Intensive blood pressure treatment could help to protect brain health

New study shows that lowering blood pressure to below 120mmHg could lower the risk of cognitive impairment



Scientists based in the US have published new research showing that lowering high blood pressure to 120mmHg systolic, rather than 140mmHg, could help to protect brain health in later life.   

The team aimed to find out if intensive blood pressure treatment could help to prevent dementia. While no clear effect was seen for dementia, they did find a lower rate of cognitive impairment. The findings could have important implications for future research and treatments to preserve brain health.    

What did the study involve?

The study is known as SPRINT MIND, and is the latest installment of a well-known study published in 2016 called SPRINT (Systolic Blood Pressure Intervention Trial). Over 9,000 adults over 50 with high blood pressure had their systolic blood pressure (the top number) lowered to either 120mmHg or 140mmHg – the usual cut off point for diagnosing high blood pressure and a common target for GPs to lower their patient’s blood pressure to.

The SPRINT Trial was stopped early because of it’s obvious effects on lowering the rates of heart attacks, strokes and dying from a blood pressure related illness. SPRINT MIND, published this January in JAMA, was focused specifically on brain health, and include results collected on brain health up until last year.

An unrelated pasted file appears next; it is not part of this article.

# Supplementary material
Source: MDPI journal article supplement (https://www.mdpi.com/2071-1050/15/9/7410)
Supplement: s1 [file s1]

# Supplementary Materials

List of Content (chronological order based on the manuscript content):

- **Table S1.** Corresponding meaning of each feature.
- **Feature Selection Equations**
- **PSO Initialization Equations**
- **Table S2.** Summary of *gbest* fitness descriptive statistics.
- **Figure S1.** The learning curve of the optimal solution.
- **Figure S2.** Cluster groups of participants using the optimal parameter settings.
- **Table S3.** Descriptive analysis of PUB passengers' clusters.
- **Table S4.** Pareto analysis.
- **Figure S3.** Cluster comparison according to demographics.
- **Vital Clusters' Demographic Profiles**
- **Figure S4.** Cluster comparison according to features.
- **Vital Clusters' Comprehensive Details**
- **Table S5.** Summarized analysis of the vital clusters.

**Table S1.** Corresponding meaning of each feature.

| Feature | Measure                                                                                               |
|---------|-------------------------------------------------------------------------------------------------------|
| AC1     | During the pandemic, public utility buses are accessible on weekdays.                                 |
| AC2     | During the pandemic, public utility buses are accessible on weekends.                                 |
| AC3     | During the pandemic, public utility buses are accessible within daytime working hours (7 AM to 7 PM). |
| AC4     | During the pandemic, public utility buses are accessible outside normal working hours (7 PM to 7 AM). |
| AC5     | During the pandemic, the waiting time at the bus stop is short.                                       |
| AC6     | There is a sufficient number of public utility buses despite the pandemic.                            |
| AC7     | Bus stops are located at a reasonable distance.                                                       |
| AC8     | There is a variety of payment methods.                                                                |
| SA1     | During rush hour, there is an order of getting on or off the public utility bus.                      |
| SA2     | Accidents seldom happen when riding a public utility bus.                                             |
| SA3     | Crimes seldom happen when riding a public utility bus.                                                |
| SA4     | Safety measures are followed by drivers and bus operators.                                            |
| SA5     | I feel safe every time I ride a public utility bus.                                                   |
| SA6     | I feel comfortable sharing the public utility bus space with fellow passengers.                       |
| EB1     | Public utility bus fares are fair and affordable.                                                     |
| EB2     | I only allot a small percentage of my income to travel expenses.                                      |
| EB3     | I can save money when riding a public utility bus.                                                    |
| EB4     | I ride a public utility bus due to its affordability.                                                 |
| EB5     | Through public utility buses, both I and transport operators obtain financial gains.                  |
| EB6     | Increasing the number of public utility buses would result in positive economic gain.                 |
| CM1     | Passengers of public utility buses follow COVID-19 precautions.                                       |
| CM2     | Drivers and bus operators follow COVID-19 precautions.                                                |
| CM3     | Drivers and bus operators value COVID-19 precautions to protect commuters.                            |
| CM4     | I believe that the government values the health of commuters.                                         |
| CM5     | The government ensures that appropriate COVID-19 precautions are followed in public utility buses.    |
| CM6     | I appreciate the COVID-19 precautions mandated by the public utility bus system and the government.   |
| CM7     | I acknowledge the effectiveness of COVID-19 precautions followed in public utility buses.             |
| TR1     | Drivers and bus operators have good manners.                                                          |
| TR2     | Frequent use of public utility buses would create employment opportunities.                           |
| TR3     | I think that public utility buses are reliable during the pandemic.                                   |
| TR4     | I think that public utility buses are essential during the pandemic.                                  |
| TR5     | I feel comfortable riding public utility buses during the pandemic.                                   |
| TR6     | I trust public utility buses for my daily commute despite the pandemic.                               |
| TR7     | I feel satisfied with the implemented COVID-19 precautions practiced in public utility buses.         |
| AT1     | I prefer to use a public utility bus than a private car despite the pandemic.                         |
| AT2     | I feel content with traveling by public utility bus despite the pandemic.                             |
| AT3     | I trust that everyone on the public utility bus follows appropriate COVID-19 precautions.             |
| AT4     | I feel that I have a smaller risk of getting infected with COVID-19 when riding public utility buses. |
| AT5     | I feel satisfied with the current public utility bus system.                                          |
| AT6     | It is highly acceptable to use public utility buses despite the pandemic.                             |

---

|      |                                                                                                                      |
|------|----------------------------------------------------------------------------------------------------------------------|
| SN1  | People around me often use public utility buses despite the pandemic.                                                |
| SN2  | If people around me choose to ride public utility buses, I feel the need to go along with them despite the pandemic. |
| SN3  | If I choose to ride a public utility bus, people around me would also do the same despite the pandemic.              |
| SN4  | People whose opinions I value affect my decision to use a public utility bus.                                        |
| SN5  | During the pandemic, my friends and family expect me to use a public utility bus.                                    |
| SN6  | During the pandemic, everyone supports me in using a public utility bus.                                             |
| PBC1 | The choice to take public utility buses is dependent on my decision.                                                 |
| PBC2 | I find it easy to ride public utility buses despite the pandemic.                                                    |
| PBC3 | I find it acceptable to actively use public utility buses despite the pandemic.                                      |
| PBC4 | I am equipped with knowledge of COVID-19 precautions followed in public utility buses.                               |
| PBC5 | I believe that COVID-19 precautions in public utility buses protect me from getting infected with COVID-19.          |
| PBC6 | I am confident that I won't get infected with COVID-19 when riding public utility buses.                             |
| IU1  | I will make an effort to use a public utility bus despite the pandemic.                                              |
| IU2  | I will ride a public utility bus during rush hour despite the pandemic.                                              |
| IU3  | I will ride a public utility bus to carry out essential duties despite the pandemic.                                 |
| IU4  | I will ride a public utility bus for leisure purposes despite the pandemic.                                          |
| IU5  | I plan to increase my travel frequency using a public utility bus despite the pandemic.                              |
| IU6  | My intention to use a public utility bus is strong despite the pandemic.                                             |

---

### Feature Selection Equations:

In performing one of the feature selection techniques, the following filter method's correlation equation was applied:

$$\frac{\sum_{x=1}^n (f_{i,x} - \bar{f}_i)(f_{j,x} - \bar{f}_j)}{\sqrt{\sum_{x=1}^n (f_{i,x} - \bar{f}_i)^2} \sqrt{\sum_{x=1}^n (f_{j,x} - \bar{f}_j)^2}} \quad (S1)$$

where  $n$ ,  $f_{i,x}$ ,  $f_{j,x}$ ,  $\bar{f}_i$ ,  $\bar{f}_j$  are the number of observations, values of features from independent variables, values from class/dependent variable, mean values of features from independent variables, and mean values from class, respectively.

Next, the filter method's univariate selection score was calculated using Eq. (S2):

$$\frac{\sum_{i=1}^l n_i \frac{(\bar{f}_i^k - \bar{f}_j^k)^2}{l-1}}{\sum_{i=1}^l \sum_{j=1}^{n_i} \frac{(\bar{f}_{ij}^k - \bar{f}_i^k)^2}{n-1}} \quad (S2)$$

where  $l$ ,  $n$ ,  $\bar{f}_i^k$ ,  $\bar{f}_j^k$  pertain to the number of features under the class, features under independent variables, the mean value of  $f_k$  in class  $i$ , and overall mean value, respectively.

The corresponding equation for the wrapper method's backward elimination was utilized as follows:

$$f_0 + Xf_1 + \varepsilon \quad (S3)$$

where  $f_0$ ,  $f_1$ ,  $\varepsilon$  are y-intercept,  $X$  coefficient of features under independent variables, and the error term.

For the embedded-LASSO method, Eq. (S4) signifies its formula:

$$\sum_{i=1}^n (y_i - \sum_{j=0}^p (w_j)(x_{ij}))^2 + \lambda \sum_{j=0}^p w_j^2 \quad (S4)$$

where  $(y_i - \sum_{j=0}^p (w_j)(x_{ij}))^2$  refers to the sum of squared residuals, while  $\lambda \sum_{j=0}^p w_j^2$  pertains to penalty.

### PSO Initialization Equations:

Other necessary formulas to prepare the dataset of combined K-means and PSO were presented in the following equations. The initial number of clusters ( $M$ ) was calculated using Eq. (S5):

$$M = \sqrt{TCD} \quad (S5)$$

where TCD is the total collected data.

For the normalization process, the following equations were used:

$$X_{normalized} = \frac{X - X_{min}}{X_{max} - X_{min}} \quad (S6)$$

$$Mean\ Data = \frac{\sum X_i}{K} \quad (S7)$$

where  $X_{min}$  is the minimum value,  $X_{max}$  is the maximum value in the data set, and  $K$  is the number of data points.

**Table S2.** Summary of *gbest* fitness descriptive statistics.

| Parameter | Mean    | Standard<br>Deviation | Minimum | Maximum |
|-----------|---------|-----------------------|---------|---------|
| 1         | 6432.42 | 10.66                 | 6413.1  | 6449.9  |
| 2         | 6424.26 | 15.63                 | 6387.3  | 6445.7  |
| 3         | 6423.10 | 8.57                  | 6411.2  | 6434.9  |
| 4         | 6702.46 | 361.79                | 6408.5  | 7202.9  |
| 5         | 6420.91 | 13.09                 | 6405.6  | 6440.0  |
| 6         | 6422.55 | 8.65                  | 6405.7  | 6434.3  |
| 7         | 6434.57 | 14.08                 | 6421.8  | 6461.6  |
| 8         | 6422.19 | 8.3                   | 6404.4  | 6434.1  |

What were the main findings?

Fewer people had cognitive impairment in the group who had their blood pressure lowered to 120mmHg compared to the 140mmHg group.  Interestingly, fewer people also developed probable dementia, but the numbers were too small to know if this was a genuine effect of the blood pressure lowering. Further research will be needed to find out more.

Why is the study important?

At the moment, there is no treatment for lowering the risk of dementia and impaired cognitive function in later life, but there is research suggesting that blood pressure plays a role in brain health. The results add to the evidence that higher blood pressure could be harmful for brain health while lower blood pressure helps to preserve it. The new results are grounds for further research.

Importantly, this study shows that no harm is caused by lowering blood pressure. There have been fears that low blood pressure could actually lead to a decline in brain health because of a lack of blood flow, but this study shows that’s not the case.

Maria Carrillo, chief scientific officer of the Alzheimer’s Association in the US explained, “Mild cognitive impairment (MCI) is a known risk factor for dementia, and everyone who experiences dementia passes through MCI. When you prevent new cases of MCI, you are preventing new cases of dementia.”

Professor Graham MacGregor, Chairman of Blood Pressure UK says: “The SPRINT MIND study has important implications for future research and treatments. It builds on our growing knowledge of how high blood pressure can affect brain health, and keeping blood pressure down is a logical and sensible step to preserving brain health in later life.” 

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You can read the study for free in JAMA.